Wednesday, December 8, 2010

Desolation Lost? The Khrapovitsky Estate

A visit to the Khrapovitsky Estate, Muromtsevo, Russia in 2006 by Jane
To see the complete set of photographs accompanying this post, please

(During the 2005-2006 school year, I taught at the
American Home in Vladimir, Russia, which was the starting point for this adventure.)

“Do you want to shoot castle?”
Working overseas often leads to sentences like this, which make little sense at first, and I stared at my student in confusion.
“Maxim and I want to take you to shoot castle. With your camera.”
Ahh. That kind of shooting. In Russia one never knows. I knew nothing about this alleged castle, but I readily accepted.

Soon I was in a car with my two students - both named Maxim - and our adventure began. We drove about an hour outside of Vladimir to the small village of Muromtsevo, in order to explore the abandoned estate of Count Khrapovitsky. Khrapovitsky was of the Russian nobility, and he in the 1880s he built a gargantuan mansion in the Russian countryside, as Russian nobility tended to do… However, he based his architectural designs on medieval German castles, making this estate quite an oddity in Russia. Local legend has it that he was inspired by the castle of a friend in Germany… except that he based his stable on his friend’s castle and modeled his home after something much more grand.

After the Soviet revolution, the Khrapovitsky family fled to France, and the estate was turned into a forestry college. During WWII it served as a hospital. After the war, it was ravaged by fire, and left to disintegrate.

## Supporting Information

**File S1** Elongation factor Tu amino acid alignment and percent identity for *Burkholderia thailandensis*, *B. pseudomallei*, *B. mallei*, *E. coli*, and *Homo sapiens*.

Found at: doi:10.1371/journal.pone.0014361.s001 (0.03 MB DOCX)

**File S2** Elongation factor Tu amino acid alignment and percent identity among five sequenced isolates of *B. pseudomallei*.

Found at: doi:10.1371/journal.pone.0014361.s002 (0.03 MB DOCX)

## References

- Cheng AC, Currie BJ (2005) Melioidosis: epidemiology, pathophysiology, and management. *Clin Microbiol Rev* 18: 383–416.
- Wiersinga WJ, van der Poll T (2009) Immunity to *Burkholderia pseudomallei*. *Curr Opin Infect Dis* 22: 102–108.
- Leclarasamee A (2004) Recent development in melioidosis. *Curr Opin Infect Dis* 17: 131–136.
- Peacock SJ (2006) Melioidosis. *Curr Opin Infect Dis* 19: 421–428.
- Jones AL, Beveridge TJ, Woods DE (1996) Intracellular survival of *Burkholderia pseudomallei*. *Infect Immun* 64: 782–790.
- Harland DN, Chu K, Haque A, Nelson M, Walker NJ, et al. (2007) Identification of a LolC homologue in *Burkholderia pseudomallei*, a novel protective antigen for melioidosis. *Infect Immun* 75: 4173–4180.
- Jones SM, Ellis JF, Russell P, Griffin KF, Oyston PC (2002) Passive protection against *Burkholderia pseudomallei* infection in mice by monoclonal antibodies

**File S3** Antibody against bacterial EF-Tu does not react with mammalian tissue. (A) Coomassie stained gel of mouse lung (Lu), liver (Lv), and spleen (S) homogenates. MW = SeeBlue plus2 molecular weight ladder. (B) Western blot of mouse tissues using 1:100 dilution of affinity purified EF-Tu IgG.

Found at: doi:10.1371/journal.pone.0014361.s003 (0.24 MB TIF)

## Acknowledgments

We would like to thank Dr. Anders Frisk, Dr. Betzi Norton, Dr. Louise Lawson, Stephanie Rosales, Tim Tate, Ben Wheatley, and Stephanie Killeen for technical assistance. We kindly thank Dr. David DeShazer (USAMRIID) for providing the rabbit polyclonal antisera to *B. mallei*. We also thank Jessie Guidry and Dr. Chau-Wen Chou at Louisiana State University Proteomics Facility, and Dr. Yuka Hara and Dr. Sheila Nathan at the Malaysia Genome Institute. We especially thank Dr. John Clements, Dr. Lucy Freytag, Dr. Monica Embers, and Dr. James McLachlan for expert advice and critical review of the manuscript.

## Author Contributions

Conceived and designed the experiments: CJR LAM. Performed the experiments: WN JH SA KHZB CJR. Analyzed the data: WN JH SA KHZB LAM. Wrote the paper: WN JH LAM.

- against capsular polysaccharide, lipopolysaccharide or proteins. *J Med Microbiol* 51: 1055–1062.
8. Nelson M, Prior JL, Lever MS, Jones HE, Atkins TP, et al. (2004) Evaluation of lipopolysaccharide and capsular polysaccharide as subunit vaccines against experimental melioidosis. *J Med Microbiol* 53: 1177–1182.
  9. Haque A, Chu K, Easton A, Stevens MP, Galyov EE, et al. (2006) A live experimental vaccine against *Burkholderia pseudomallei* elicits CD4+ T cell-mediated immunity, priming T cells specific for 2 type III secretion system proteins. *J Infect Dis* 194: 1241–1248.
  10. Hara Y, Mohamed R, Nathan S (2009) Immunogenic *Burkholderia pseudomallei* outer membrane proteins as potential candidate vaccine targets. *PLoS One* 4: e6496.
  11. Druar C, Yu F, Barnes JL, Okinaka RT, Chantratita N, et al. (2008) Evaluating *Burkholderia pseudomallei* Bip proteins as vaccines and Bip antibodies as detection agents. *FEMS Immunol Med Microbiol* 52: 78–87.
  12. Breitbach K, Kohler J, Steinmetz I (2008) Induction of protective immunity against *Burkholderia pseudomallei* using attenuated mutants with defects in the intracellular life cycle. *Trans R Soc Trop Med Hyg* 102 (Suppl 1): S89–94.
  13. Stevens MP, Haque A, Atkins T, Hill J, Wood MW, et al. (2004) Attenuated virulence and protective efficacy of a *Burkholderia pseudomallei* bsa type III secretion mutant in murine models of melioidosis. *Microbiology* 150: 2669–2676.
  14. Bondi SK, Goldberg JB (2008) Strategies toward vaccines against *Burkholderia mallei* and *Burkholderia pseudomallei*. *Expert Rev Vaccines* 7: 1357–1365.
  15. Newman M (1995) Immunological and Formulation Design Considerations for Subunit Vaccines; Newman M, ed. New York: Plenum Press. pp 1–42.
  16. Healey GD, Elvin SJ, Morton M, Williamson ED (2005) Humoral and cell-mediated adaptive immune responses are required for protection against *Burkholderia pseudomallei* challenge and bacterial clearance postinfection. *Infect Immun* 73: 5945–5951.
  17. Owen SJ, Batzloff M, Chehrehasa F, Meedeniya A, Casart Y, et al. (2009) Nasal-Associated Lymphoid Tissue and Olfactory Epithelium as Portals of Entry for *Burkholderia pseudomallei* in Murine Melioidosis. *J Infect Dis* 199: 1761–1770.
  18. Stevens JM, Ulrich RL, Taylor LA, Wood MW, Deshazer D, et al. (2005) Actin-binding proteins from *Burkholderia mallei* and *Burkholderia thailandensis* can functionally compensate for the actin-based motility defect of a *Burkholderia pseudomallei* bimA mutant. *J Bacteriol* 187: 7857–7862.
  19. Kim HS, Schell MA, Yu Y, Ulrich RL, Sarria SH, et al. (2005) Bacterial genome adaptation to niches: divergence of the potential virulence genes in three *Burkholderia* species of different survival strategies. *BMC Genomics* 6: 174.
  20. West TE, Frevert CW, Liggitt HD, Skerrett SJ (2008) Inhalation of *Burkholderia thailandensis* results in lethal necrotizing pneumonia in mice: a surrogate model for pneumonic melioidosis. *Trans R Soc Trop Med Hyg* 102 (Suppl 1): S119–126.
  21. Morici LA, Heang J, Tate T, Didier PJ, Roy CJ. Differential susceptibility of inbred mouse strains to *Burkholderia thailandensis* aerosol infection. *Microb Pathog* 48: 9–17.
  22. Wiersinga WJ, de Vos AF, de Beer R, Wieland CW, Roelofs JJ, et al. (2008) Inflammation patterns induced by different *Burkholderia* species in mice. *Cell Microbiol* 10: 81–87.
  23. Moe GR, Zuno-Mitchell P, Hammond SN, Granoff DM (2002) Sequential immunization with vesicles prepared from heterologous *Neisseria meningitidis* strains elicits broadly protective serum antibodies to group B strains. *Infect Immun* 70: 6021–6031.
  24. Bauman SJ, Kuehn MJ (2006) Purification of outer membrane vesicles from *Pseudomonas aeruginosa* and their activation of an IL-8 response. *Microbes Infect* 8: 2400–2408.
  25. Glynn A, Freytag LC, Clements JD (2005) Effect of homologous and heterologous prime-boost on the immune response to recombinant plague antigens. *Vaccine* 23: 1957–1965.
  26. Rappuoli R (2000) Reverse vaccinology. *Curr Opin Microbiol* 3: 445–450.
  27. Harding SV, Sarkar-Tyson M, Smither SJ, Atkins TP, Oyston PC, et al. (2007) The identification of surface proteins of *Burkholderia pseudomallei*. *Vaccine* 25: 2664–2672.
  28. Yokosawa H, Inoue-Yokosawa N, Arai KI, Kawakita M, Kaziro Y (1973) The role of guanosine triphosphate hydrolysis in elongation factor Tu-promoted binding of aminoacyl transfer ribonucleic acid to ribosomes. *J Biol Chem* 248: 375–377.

The Maxims and I arrived and found the door barred shut… but that didn't stop them from, shall we say, un-barring the door. We explored several floors, climbing the remains of rickety stair-cases and clambering around on broken rafters and boards placed over gaping holes in the floor, or even in place of where the upper level floors used to be.
The older wing of the Khrapovitsky residence

The Maxims working on entering...

The newer wing of the Khrapovitsky residence

The interior of the newer wing
After we thoroughly explored the castle (and, in the grandest of Russian traditions, consumed a copious amount of wine), we set off to explore the rest of the estate, including the Church of the Holy Martyr Tsarina Alexandra which was commissioned by Khrapovitsky, as well as the remains of his ridiculously ornate stable.

Church of the Holy Martyr Tsarina Alexandra

The stables. Yeah.

The grounds of the estate were once intricately landscaped, although now they are completely overgrown. In front of the castle, there used to be two artificial pools, connected by fountains which cascaded into a natural pond. The natural pond is all that's left, although you can still make out the walls of the former artificial ponds in the brush in front of the castle. Next to the natural pond was a pavilion for musicians; all that remains of it now are a few arches.

Former artificial reflecting pools... still reflecting :-)

Remains of the orchestra pavilion
My visit to the remains of the Khrapovitsky Estate is one of my most memorable experiences of Russia, undoubtedly due to the fact that one does not expect to come across a crumbling medieval German fortress in the woods near a tiny, rural Russian village!

Unfortunately, it seems that this wonderful memory of mine is not one which is destined to be repeated. A construction/development firm, Colorado Group - one of the companies involved in the refurbishing of Castle Mayendorf, the official residence of the President of Russia - currently owns the properties, and has plans to turn it into a high end hotel, complete with helipad, no less. Gone are the days when a group of friends could spend the afternoon exploring the estate, bottles of wine in hand. Unless, of course, those friends are among the Russian elite...

The above picture came from the Colorado Group's website, and it is how they plan for the estate to look once they develop it. You can read more about their plans here and here.
To see my complete set of photographs from my 2006 visit to the Khrapovitsky Estate, please CLICK HERE.

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